This may seem like pie-in-the-sky. After all, since the Rio Earth Summit in 1992 most governments have shown that their actual - though unprofessed - commitment is to keeping things as they are.
And the futures research that politicians and corporations choose to use is unlikely to tell them to stop what they are doing and think about the earth. A report called The Highly Probable Future: 83 assumptions about the year 2025, sponsored by 18 American and European multinationals, is typically woolly on the subject of the environment. The report concludes: 'Global environmental management issues will be institutionalized in multinational corporations as well as through the United Nations and other supranational entities. 'It goes on to assert: 'The multinational corporation will be the world's dominant business form.'6
This is not the future that many of the world's peoples want or are prepared to have decided for them. Resistance is growing everywhere. Environmental activists from Bangladesh to Brazil, from Kenya to Canada are challenging governments and corporations and gaining increasing popular support. When the Nigerian Government recently turned its guns against its own Ogoni people to make way for petroleum drilling by the Anglo-Dutch multinational Shell Oil, international protest was quickly mobilized by activists using global e-mail and other networks. And the scale of recent anti-road-building protests in Britain has taken everyone by surprise. More and more people around the globe are recognizing that we cannot 'tinker' - or build - our way out of the problems we have created for ourselves and future generations. Our relationship with the planet will need to change radically.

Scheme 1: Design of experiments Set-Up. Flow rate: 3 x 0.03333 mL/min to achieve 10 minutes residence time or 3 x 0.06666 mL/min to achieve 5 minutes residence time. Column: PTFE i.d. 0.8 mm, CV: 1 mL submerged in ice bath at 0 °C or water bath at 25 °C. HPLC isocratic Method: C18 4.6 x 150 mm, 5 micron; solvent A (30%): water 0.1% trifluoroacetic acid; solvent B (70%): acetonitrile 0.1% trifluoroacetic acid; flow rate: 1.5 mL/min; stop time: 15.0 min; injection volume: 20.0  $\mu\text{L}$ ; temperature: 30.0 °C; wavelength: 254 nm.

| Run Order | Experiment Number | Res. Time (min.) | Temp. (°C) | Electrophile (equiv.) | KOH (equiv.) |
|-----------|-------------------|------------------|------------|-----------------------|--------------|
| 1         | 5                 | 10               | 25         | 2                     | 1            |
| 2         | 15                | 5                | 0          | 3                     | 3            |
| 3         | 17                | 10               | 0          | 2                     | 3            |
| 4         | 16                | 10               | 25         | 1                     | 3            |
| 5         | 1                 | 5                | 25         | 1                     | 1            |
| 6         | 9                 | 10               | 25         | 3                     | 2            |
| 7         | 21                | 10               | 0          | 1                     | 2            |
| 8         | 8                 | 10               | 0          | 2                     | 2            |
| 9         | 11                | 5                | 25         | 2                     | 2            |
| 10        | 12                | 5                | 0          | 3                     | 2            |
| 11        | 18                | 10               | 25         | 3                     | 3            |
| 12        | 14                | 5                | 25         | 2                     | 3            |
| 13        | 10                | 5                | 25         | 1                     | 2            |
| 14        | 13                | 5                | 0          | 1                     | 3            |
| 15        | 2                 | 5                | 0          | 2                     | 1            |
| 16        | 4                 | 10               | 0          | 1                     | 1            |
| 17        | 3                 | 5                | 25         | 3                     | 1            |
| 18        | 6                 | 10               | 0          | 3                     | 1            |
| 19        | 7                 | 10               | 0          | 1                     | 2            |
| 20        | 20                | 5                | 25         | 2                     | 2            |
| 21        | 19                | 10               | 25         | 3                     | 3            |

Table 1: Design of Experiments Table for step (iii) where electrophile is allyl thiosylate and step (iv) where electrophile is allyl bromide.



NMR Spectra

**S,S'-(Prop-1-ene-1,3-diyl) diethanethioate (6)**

It's now just five years to the turn of the century and a new millennium, traditionally a time of great upheaval. Astrologers are gearing up for it. The planets will be lined up in Taurus (a powerful Earth sign) in the year 2000. According to Anna, my Tarot-reader, it could mean two things: either we will embark on a new way of relating to the earth; or we will obstinately cling to our old ways. Which is it to be?
The kind of world we will have in a few decades depends on our capacity to start making big changes now. In this sense, the future is present.
1 W Warren Wagar 'The Future Without End' in Visions for the 21st Century, ed. Sheila Moorcroft, Adamantine Press, London, 1992.
2 Stephen Hawking, A Brief History of Time, Penguin Books, London, 1995.
3 George Orwell 'James Burnham and the managerial revolution' in Collected Essays, Journalism and Letters, Harcourt Brace Jovanovich, New York, 1968.
4 Max Dublin Futurehype: The Tyranny of Prophecy, Plume Books, 1992.
5 Richard A Slaughter ' Changing images of futures in the 20th century' in Preparing for the Future: Notes and queries for concerned educators, ed. David Hicks, Adamantine Press, London 1994.
6 Joseph F Coates The Highly Probable Future: 83 Assumptions about the Year 2025, World Futures Society, Bethesda, Maryland, 1994.
©Copyright: New Internationalist 1995